The coffee shop was located in an affluent housing development, at the foot of red cliffs. Until recently the coffee shop had a gift shop built into it -- the gift shop was trying to look like an Indian 'kiva.'  (Presumably the gift shop was "inspired" by the small Indian reservation, nearby.) 

It always seemed ironic and thought-provoking that Native American culture appeared so upscale and glamorous in the gift shop, with the expensive coffee table books, hand-carved wooden flutes, music, books, etc.; and yet, the genuine Indian reservation a mile down the road was a slum. (I rode my bicycle through this irony when I rode with a local club.)

But this year the kiva-gift-shop had been converted to an expensive restaurant. Presumably the menu featured items 'sacred to the Native Ameri…

Always a Sucker for Analogies

One of these days I will outgrow my susceptibility to analogies. Until then I will be charmed by quotes like this, coming from Chris Whalen:

The idea of the Greenspan Put was that lower interest rates would cure the market’s woes. Unfortunately, the FOMC has since fallen into a pattern whereby longer periods of low or even zero interest rates are used to address yesterday’s errors, but this action also leads us into tomorrow’s financial excess. As one observer on Twitter noted in an exchange with Minneapolis Fed President Neel Kashkari: “Central Bankers are much like the US Forest Service of old. Always trying to manage ‘nature’ and put out the little brush fires of the capitalist system, while they seem incapable of recognizing they are the root cause of major conflagrations as a result.”

A traveler in the western states gets to experience a real forest fire every now and then.

A Moral Quandary at the McDonald's Kiosk

This wasn't the first kiosk at McDonald's that I had ever seen. But the first time, it had been optional to use it. Rest assured that I ordered and paid the old-fashioned way.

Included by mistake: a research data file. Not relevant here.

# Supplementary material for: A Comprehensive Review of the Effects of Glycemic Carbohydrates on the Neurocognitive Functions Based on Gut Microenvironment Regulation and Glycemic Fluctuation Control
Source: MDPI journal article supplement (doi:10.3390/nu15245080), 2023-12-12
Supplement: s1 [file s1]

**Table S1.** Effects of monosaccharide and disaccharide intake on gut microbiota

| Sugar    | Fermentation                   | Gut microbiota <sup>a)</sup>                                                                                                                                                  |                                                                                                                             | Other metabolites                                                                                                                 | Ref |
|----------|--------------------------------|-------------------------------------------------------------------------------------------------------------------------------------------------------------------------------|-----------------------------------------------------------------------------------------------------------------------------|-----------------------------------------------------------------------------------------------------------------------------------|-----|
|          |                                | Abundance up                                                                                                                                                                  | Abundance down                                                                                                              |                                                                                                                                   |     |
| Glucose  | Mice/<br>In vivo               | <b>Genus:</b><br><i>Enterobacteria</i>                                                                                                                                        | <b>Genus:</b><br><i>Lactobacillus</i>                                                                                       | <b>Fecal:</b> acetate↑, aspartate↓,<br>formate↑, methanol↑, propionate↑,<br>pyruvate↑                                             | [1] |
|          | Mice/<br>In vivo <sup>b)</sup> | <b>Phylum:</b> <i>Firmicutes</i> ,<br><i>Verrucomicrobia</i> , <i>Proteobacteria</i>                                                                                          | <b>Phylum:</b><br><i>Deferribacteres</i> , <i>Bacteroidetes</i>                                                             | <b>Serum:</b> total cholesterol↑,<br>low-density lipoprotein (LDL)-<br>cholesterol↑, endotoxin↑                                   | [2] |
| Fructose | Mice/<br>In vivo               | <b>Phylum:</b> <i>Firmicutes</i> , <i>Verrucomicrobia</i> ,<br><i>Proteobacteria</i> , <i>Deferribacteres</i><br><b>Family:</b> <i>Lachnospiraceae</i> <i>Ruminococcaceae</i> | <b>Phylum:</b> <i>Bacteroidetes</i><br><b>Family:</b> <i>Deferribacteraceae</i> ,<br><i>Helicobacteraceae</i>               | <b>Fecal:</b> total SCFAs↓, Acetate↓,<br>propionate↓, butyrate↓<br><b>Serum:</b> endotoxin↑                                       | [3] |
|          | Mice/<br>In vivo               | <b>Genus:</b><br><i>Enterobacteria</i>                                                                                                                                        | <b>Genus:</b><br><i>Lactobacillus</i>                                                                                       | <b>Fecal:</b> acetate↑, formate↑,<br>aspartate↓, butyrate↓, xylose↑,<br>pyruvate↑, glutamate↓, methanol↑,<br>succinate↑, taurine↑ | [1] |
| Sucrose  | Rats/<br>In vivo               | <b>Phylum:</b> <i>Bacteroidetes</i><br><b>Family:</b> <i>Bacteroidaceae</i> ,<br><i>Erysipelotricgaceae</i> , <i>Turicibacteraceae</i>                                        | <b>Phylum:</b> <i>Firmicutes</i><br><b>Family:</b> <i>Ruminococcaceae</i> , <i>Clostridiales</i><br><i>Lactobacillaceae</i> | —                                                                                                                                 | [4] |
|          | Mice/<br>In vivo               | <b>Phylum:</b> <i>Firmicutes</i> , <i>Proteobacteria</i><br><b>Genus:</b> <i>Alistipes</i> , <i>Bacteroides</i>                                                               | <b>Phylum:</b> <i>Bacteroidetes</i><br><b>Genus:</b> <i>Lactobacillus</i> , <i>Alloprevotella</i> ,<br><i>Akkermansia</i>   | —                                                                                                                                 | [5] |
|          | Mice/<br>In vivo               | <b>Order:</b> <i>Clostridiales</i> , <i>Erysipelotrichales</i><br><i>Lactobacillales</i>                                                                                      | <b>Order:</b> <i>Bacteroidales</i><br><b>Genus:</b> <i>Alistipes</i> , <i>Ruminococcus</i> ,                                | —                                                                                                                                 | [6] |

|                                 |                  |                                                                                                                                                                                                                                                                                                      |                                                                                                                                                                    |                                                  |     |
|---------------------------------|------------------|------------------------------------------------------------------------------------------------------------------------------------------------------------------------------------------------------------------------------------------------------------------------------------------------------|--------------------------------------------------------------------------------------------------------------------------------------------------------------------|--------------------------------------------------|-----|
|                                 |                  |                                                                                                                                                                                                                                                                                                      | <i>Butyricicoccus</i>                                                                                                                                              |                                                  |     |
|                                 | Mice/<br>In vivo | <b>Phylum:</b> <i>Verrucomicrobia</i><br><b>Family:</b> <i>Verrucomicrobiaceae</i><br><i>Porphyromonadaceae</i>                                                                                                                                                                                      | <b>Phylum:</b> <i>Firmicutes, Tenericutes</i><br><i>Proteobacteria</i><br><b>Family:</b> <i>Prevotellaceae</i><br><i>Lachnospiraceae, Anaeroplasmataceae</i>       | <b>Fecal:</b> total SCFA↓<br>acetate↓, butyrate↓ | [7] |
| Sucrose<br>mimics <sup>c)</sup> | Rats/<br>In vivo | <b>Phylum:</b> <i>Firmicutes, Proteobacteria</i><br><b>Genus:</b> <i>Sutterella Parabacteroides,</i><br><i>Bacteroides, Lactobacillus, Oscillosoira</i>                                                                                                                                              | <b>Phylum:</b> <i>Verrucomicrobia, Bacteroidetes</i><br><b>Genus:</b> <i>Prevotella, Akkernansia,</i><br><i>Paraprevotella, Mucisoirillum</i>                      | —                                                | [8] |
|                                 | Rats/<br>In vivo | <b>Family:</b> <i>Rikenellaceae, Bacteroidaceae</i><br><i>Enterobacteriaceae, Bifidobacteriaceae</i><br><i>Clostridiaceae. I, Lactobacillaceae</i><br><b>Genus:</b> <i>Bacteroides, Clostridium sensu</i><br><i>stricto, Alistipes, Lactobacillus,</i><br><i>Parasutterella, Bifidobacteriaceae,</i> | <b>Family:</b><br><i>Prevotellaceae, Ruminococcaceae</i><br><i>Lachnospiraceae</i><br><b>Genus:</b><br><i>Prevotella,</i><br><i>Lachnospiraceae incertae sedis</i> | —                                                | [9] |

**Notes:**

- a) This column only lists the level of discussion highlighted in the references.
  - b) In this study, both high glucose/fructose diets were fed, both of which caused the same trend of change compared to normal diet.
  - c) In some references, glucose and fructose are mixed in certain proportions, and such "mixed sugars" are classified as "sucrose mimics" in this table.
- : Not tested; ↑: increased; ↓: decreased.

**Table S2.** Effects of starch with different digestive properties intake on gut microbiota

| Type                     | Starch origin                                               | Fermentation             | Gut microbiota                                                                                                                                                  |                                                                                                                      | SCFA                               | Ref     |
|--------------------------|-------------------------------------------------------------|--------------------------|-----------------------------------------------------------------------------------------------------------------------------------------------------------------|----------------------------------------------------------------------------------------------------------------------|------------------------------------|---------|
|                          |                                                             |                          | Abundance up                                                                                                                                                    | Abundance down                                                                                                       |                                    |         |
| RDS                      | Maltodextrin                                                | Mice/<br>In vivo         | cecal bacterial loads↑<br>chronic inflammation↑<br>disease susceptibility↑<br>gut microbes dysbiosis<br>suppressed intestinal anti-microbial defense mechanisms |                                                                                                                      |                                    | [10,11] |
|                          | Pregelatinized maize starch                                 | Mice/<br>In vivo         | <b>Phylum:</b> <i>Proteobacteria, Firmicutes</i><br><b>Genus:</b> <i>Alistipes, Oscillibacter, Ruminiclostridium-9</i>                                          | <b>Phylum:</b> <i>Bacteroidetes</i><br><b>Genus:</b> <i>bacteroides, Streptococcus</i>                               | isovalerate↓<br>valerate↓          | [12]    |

But today I wasn't even given the choice. The young punk was loud and aggressive about it. I dutifully walked over to the kiosk. But then something deep-within began to express itself.  I starting digging in my heels. Of course he thought that a stupid old man just couldn't figure the thing out, so, before my moral protest had time to get properly organized, he came over, asked the usual questions, and pushed the appropriate buttons.

So why couldn't he have done all that at the cash register -- the old-fashioned way? His final question was, "Pay with your card here, or with cash?" I actually paused and started to get curt. But he assured me that paying cash was still an option, although we had to walk to a special cash register to do it. Why couldn't we have done that right from t…

Family Values in Utah

Towards the end of a mountain bike ride, when I am feeling my best, I saw this family enjoying a ride together in Utah. I don't think a vision of a family ever seemed more appealing.

The boy was even wilder and more spirited than the border collie. His parents were wise to let him go first so he wouldn't always be struggling to keep up with them, and becoming discouraged. The bike was too large for him, but no doubt he was looking forward to growing into it -- and as soon as possible!

Appreciating Stylishness

There are even mountain bikers who ride with a certain stylishness, although they are not as stylish as horsemen. There is no need to watch a video of myself on a bike -- it can simply be assumed that I ride with no stylishness whatsoever.

This topic interests me perhaps because an appreciation of stylishness has developed so late in life. It snuck up on me.  Blame the horse opera DVDs I watch at night as a sleeping pill. They make everybody and every horse look so glamorous.